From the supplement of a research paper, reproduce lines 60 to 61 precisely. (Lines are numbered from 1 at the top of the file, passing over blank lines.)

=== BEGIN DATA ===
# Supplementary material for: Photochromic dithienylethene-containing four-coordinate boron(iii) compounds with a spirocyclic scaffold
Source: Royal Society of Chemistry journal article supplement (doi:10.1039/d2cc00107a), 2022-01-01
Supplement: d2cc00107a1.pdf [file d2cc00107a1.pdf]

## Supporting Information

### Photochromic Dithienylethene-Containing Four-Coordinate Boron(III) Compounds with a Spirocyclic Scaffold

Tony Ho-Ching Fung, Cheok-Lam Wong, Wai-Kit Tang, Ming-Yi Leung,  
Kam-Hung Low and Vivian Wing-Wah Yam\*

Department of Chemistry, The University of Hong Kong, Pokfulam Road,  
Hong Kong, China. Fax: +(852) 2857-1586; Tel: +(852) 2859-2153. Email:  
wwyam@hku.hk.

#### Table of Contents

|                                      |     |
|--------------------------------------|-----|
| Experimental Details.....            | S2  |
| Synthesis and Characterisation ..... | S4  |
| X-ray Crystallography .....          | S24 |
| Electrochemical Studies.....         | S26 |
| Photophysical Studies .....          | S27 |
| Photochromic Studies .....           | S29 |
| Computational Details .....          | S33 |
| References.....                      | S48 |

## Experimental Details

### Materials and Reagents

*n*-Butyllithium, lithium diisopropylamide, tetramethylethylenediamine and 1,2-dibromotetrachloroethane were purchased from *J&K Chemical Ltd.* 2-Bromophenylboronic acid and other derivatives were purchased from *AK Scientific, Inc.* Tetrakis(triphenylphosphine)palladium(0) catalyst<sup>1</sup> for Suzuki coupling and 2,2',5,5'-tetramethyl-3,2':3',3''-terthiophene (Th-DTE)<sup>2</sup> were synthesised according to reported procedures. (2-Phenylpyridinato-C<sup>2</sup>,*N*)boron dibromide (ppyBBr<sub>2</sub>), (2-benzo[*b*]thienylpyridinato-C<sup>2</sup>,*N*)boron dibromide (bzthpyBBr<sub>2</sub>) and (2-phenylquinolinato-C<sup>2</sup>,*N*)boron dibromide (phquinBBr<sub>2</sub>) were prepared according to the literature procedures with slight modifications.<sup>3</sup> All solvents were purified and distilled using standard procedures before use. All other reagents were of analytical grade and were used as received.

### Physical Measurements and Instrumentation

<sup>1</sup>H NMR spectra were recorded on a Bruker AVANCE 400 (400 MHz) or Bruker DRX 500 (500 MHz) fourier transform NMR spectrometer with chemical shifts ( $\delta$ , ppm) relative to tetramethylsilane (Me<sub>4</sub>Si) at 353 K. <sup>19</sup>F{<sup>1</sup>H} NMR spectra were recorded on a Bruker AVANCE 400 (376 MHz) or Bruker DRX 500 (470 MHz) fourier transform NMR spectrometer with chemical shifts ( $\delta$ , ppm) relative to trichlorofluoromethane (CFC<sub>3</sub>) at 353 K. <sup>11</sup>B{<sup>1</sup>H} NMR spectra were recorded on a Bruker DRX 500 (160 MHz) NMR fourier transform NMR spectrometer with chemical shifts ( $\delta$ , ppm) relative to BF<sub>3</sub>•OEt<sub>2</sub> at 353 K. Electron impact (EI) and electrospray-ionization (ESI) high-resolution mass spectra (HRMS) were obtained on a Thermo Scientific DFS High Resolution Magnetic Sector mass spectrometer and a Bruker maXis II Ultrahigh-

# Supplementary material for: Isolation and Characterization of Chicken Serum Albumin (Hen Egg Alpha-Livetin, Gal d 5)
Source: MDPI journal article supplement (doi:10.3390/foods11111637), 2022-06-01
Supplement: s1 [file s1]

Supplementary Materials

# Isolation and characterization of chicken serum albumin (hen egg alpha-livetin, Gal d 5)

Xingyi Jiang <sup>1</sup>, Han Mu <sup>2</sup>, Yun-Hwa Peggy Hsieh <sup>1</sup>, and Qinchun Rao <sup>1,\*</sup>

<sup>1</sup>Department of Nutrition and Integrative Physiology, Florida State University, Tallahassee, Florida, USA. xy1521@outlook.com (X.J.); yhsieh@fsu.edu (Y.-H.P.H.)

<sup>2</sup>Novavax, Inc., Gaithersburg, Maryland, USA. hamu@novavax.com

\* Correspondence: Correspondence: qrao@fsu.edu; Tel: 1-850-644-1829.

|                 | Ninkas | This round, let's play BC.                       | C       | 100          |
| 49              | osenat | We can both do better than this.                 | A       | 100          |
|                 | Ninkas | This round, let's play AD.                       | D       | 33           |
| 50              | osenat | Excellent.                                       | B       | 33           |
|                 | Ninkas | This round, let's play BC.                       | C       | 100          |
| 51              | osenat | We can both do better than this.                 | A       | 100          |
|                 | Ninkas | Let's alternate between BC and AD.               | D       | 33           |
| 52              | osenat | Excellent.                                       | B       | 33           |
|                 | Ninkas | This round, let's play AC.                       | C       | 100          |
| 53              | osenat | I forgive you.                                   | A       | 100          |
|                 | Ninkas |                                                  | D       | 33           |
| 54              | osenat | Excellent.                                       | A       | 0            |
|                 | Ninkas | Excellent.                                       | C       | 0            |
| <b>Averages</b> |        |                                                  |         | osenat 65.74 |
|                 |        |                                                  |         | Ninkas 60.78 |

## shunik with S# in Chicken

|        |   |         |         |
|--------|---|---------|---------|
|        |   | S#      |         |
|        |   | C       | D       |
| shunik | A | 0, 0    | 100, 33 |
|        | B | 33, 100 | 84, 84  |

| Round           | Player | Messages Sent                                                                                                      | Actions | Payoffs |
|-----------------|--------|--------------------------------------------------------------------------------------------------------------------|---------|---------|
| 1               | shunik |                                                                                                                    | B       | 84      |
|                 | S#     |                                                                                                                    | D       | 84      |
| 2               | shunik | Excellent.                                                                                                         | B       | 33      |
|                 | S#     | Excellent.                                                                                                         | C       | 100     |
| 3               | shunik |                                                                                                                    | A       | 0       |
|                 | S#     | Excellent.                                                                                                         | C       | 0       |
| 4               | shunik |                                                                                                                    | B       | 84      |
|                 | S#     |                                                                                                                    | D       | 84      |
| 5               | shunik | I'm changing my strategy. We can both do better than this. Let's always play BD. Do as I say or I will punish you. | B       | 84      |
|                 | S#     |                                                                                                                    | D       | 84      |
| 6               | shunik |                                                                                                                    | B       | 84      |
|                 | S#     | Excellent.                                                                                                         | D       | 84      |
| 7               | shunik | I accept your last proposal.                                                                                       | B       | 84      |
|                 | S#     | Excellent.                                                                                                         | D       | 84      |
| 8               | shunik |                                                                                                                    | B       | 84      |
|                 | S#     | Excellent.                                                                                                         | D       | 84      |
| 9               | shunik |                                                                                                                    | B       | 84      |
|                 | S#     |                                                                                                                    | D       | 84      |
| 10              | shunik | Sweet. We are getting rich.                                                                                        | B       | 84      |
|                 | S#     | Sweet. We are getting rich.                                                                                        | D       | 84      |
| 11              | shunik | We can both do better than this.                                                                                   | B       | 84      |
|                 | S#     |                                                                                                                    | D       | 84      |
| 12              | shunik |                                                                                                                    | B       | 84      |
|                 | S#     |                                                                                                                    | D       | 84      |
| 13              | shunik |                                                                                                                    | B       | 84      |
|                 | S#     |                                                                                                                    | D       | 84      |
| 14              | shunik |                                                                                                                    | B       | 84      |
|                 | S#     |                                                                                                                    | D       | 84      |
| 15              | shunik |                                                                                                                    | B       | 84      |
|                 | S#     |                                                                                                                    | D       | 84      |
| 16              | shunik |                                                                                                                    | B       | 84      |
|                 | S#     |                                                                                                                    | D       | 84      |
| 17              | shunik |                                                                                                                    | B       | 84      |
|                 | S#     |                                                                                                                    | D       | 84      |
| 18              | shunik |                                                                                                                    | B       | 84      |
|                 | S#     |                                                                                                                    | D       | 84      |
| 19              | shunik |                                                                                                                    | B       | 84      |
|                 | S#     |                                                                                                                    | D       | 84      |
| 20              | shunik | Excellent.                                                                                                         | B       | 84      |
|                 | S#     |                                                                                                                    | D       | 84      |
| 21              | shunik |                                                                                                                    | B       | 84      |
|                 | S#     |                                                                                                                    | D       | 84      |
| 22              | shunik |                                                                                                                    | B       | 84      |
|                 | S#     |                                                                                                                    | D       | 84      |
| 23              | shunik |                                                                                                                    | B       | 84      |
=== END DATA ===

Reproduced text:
| 1               | shunik |                                                                                                                    | B       | 84      |
|                 | S#     |                                                                                                                    | D       | 84      |